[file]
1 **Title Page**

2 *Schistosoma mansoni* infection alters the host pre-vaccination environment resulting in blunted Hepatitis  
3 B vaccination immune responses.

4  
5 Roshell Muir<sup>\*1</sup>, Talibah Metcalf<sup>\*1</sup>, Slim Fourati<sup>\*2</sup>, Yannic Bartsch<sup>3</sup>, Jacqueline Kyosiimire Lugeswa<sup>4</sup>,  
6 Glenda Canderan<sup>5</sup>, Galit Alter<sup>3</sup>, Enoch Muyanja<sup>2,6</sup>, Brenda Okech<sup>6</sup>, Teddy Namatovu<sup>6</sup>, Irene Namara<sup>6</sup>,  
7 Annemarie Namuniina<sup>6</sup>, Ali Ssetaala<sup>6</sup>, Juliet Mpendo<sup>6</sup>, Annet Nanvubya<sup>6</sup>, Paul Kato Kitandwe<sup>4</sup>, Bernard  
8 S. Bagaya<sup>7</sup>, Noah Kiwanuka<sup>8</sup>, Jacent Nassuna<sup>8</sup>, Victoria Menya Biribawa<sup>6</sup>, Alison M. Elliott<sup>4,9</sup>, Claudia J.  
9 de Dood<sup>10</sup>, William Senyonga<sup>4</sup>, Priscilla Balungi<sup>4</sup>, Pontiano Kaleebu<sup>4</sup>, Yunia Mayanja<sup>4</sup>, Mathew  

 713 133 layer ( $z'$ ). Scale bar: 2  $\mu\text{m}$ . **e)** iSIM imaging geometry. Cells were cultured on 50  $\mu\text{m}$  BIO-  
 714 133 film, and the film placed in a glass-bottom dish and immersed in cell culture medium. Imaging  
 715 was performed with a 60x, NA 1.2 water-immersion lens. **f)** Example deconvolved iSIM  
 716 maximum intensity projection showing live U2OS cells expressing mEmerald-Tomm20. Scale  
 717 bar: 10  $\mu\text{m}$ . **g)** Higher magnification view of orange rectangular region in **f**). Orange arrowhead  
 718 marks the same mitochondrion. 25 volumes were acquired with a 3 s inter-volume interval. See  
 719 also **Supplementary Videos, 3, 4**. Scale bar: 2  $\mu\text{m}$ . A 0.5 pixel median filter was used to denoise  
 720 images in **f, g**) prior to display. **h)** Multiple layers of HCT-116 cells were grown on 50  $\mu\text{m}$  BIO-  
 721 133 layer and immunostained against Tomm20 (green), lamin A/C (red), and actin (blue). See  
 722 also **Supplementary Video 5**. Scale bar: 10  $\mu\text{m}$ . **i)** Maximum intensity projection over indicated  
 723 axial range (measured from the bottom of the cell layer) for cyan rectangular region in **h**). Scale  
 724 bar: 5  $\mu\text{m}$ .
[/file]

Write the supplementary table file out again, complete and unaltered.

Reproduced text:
1 **Title Page**

2 *Schistosoma mansoni* infection alters the host pre-vaccination environment resulting in blunted Hepatitis  
3 B vaccination immune responses.

4  
5 Roshell Muir<sup>\*1</sup>, Talibah Metcalf<sup>\*1</sup>, Slim Fourati<sup>\*2</sup>, Yannic Bartsch<sup>3</sup>, Jacqueline Kyosiimire Lugeswa<sup>4</sup>,  
6 Glenda Canderan<sup>5</sup>, Galit Alter<sup>3</sup>, Enoch Muyanja<sup>2,6</sup>, Brenda Okech<sup>6</sup>, Teddy Namatovu<sup>6</sup>, Irene Namara<sup>6</sup>,  
7 Annemarie Namuniina<sup>6</sup>, Ali Ssetaala<sup>6</sup>, Juliet Mpendo<sup>6</sup>, Annet Nanvubya<sup>6</sup>, Paul Kato Kitandwe<sup>4</sup>, Bernard  
8 S. Bagaya<sup>7</sup>, Noah Kiwanuka<sup>8</sup>, Jacent Nassuna<sup>8</sup>, Victoria Menya Biribawa<sup>6</sup>, Alison M. Elliott<sup>4,9</sup>, Claudia J.  
9 de Dood<sup>10</sup>, William Senyonga<sup>4</sup>, Priscilla Balungi<sup>4</sup>, Pontiano Kaleebu<sup>4</sup>, Yunia Mayanja<sup>4</sup>, Mathew  

 713 133 layer ( $z'$ ). Scale bar: 2  $\mu\text{m}$ . **e)** iSIM imaging geometry. Cells were cultured on 50  $\mu\text{m}$  BIO-  
 714 133 film, and the film placed in a glass-bottom dish and immersed in cell culture medium. Imaging  
 715 was performed with a 60x, NA 1.2 water-immersion lens. **f)** Example deconvolved iSIM  
 716 maximum intensity projection showing live U2OS cells expressing mEmerald-Tomm20. Scale  
 717 bar: 10  $\mu\text{m}$ . **g)** Higher magnification view of orange rectangular region in **f**). Orange arrowhead  
 718 marks the same mitochondrion. 25 volumes were acquired with a 3 s inter-volume interval. See  
 719 also **Supplementary Videos, 3, 4**. Scale bar: 2  $\mu\text{m}$ . A 0.5 pixel median filter was used to denoise  
 720 images in **f, g**) prior to display. **h)** Multiple layers of HCT-116 cells were grown on 50  $\mu\text{m}$  BIO-  
 721 133 layer and immunostained against Tomm20 (green), lamin A/C (red), and actin (blue). See  
 722 also **Supplementary Video 5**. Scale bar: 10  $\mu\text{m}$ . **i)** Maximum intensity projection over indicated  
 723 axial range (measured from the bottom of the cell layer) for cyan rectangular region in **h**). Scale  
 724 bar: 5  $\mu\text{m}$ .